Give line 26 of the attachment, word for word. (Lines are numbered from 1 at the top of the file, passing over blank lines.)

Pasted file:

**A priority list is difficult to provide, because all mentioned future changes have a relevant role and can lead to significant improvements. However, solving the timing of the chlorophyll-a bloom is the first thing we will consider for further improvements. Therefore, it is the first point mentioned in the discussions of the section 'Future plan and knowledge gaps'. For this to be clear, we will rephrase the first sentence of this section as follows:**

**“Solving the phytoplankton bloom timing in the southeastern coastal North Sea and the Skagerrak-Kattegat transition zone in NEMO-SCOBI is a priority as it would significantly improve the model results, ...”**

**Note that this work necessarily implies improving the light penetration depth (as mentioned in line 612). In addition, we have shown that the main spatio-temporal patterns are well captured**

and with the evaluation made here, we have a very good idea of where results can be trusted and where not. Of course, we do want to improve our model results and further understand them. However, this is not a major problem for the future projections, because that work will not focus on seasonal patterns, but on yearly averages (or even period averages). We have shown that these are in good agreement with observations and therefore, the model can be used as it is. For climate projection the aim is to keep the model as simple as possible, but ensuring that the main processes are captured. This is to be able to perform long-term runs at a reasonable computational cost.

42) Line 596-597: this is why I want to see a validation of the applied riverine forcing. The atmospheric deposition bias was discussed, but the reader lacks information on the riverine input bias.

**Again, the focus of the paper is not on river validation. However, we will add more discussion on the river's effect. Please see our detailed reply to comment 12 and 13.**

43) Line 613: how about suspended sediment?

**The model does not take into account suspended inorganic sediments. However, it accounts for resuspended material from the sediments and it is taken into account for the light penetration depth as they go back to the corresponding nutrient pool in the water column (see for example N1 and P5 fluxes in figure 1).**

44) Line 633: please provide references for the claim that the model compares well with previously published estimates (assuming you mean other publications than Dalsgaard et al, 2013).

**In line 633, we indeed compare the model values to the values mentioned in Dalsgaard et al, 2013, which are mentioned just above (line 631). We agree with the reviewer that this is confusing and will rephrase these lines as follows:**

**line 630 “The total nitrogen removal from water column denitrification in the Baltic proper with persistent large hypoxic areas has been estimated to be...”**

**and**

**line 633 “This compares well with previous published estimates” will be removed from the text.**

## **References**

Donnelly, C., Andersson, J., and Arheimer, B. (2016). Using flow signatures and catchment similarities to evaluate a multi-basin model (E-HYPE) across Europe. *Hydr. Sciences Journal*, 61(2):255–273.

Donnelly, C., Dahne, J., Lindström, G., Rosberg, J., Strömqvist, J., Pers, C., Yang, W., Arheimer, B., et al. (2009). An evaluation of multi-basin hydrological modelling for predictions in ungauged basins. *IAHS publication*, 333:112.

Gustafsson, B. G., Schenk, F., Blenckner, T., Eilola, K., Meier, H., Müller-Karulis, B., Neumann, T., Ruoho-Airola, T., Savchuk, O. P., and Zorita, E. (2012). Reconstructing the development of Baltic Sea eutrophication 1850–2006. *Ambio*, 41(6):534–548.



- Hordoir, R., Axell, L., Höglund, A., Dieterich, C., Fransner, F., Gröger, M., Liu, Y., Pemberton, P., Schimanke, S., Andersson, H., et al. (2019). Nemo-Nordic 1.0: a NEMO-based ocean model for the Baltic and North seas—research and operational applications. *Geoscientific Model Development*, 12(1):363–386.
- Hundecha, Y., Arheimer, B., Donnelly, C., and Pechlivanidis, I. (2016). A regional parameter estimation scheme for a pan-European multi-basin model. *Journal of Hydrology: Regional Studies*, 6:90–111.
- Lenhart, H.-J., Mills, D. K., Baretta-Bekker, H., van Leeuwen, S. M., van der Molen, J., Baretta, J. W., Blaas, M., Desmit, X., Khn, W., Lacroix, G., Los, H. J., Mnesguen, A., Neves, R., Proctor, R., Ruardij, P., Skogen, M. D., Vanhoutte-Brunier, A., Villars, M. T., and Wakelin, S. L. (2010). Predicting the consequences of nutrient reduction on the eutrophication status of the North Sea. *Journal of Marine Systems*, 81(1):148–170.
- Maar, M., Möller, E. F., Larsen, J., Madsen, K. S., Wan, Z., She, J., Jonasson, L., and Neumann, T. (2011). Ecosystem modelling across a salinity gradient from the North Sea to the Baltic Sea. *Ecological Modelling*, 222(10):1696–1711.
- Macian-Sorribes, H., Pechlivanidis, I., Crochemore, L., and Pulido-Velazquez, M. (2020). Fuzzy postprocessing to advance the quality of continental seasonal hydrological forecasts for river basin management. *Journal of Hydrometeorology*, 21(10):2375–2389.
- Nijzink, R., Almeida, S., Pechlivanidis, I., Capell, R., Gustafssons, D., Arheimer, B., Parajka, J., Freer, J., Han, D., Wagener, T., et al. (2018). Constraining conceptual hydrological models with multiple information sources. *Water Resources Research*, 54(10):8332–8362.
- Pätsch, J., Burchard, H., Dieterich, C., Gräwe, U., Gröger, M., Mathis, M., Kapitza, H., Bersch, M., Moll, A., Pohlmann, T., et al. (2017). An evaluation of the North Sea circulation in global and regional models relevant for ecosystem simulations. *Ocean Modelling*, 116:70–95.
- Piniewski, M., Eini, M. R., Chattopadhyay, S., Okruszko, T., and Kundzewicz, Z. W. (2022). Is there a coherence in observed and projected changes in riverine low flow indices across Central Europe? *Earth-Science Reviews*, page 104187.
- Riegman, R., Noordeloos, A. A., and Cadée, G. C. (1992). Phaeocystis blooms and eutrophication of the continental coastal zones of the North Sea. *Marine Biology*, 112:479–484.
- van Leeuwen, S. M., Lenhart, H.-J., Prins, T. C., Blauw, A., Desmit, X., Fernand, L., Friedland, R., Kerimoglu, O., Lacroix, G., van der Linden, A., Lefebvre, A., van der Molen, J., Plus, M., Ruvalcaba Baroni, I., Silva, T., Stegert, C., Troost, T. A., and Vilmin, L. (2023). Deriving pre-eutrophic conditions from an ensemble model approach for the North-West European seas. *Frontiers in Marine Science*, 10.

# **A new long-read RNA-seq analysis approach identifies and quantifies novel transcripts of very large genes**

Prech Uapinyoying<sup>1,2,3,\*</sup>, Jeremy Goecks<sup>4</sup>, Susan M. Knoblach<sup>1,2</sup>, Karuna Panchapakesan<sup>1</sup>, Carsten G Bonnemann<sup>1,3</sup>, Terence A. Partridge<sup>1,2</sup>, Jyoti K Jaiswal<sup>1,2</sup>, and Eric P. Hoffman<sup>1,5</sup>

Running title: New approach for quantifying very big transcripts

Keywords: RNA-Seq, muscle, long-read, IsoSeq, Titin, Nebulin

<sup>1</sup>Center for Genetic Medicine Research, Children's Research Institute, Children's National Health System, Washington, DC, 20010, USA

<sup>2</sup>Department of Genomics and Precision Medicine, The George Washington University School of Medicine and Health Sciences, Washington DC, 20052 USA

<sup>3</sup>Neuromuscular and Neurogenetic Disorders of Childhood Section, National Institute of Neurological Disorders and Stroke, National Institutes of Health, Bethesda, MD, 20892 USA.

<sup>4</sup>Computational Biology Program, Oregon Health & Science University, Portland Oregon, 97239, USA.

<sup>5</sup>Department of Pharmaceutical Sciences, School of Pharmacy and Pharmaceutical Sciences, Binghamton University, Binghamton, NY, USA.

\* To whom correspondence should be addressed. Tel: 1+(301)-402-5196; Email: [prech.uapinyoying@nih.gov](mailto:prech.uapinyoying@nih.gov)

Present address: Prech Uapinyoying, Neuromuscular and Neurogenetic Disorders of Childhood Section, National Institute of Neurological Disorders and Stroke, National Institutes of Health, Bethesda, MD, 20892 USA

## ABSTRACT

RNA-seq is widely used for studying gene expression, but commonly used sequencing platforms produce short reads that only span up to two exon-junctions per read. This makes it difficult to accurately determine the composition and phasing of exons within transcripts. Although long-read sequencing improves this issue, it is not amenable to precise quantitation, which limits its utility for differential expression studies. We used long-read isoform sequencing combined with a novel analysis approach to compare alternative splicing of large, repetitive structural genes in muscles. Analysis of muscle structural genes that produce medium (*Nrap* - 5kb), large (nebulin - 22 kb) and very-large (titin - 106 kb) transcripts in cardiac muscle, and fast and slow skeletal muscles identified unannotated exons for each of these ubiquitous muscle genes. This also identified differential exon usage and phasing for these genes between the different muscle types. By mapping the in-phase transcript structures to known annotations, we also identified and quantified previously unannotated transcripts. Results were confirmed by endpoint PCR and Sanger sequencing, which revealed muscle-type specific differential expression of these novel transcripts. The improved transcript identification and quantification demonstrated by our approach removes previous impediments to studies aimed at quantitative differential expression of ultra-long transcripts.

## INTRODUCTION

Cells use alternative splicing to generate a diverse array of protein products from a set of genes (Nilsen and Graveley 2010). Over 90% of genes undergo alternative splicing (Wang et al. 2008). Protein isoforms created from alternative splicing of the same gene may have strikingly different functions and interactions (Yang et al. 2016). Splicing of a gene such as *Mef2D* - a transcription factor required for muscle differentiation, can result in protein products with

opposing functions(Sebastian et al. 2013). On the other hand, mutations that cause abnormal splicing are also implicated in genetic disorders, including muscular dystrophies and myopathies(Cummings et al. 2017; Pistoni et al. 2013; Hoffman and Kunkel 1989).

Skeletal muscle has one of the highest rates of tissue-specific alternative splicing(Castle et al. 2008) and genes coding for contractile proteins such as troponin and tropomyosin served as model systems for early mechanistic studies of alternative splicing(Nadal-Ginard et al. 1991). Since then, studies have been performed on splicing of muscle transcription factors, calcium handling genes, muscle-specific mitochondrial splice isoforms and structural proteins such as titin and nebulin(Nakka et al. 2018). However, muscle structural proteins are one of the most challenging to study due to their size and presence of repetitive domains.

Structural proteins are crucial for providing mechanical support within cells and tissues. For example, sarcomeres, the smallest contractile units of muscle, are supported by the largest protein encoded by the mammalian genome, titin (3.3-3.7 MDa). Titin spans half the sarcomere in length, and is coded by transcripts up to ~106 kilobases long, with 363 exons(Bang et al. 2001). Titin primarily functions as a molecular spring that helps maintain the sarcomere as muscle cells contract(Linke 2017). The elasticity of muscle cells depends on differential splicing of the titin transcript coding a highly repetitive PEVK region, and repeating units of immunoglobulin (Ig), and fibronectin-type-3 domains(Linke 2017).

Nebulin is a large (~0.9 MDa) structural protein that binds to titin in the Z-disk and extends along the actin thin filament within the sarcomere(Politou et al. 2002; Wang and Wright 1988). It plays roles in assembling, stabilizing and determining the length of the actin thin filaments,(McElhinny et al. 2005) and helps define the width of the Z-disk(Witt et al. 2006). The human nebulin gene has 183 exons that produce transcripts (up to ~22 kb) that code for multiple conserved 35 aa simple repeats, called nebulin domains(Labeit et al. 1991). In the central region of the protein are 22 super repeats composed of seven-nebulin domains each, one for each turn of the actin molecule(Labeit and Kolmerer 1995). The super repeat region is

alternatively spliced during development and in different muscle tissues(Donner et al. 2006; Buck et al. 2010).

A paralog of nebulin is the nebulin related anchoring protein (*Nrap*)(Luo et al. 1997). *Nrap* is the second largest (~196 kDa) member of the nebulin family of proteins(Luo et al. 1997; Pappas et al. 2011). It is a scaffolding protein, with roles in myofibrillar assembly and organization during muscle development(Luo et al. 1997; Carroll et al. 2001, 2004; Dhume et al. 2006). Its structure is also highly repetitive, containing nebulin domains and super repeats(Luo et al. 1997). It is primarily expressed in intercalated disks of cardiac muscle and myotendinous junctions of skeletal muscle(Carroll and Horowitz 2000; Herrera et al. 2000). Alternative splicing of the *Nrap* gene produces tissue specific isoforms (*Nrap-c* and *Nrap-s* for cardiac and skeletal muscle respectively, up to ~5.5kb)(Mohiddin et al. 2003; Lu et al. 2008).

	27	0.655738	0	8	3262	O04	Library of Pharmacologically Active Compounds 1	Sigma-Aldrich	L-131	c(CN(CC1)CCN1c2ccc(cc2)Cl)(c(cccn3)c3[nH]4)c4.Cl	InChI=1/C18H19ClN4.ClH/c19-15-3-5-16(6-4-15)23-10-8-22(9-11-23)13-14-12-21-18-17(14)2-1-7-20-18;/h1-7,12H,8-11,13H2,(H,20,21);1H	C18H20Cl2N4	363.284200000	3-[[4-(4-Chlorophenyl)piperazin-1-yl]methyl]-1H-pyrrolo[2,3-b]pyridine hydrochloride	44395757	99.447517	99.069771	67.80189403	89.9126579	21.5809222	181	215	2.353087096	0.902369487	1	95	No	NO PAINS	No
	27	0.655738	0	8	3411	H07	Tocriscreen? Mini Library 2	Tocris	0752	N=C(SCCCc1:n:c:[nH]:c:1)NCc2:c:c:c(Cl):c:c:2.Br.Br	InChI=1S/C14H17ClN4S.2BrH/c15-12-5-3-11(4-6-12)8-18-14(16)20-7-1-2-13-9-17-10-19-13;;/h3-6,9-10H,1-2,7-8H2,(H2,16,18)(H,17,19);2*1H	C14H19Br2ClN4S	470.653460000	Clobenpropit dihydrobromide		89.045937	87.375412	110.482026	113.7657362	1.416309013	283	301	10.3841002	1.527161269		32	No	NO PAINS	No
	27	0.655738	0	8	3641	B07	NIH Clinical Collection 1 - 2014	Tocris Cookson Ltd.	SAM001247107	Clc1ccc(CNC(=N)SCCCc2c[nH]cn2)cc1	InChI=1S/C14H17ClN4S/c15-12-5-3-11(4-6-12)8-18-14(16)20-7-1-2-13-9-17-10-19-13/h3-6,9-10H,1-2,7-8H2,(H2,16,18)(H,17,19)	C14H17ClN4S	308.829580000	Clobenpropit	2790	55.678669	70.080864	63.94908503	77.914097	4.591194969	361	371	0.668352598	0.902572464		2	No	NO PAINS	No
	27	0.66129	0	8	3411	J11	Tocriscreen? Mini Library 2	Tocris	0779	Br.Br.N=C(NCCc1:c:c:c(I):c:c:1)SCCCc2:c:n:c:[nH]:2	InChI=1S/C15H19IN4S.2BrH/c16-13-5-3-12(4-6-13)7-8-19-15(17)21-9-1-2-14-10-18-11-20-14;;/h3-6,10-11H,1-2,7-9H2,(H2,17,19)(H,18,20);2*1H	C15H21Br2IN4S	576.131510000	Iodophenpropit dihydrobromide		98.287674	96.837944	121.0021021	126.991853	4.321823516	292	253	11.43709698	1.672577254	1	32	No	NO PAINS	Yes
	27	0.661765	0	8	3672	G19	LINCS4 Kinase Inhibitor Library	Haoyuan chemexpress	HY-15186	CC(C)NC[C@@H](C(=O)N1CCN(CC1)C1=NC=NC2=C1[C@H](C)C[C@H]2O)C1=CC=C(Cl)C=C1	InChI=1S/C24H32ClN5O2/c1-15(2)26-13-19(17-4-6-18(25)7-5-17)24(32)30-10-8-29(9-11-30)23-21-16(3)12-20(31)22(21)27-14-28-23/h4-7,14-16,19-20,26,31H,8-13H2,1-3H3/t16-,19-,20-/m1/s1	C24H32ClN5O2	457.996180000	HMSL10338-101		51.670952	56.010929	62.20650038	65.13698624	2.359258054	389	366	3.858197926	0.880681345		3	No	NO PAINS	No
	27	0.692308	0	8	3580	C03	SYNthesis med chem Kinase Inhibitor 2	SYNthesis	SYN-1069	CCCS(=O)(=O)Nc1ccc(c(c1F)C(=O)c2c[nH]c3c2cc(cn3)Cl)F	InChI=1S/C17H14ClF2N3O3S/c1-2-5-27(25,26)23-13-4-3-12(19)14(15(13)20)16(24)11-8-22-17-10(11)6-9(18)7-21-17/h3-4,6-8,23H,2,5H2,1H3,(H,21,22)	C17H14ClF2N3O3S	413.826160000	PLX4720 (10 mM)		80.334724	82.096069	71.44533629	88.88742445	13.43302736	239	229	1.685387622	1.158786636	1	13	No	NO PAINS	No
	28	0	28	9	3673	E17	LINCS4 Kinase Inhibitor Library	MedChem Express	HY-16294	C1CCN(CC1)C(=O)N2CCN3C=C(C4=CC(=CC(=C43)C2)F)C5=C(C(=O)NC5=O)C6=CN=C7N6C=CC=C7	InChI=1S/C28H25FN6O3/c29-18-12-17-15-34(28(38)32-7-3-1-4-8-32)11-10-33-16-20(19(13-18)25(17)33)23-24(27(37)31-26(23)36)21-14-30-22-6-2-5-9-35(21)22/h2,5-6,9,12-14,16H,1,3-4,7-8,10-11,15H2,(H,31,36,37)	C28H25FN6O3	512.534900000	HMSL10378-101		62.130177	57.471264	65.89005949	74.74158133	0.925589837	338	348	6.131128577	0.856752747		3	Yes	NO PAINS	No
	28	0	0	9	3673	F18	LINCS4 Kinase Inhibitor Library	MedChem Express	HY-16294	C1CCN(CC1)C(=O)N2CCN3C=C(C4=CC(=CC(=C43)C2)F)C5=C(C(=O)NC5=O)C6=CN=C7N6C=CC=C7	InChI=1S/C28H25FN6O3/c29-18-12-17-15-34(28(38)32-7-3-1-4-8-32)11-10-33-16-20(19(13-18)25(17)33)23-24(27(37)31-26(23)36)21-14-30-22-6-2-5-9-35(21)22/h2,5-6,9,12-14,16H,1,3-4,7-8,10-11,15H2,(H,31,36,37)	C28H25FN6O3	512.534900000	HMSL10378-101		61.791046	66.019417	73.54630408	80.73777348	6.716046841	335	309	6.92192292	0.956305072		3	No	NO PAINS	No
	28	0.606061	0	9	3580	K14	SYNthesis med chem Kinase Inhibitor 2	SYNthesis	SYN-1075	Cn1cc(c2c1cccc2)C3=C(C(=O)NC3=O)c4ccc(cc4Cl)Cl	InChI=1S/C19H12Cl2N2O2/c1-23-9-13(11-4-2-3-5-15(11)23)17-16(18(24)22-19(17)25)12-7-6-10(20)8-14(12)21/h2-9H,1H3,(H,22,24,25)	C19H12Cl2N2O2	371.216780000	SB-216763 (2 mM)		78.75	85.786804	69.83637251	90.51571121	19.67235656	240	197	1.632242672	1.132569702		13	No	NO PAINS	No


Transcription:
- Riegman, R., Noordeloos, A. A., and Cadée, G. C. (1992). Phaeocystis blooms and eutrophication of the continental coastal zones of the North Sea. *Marine Biology*, 112:479–484.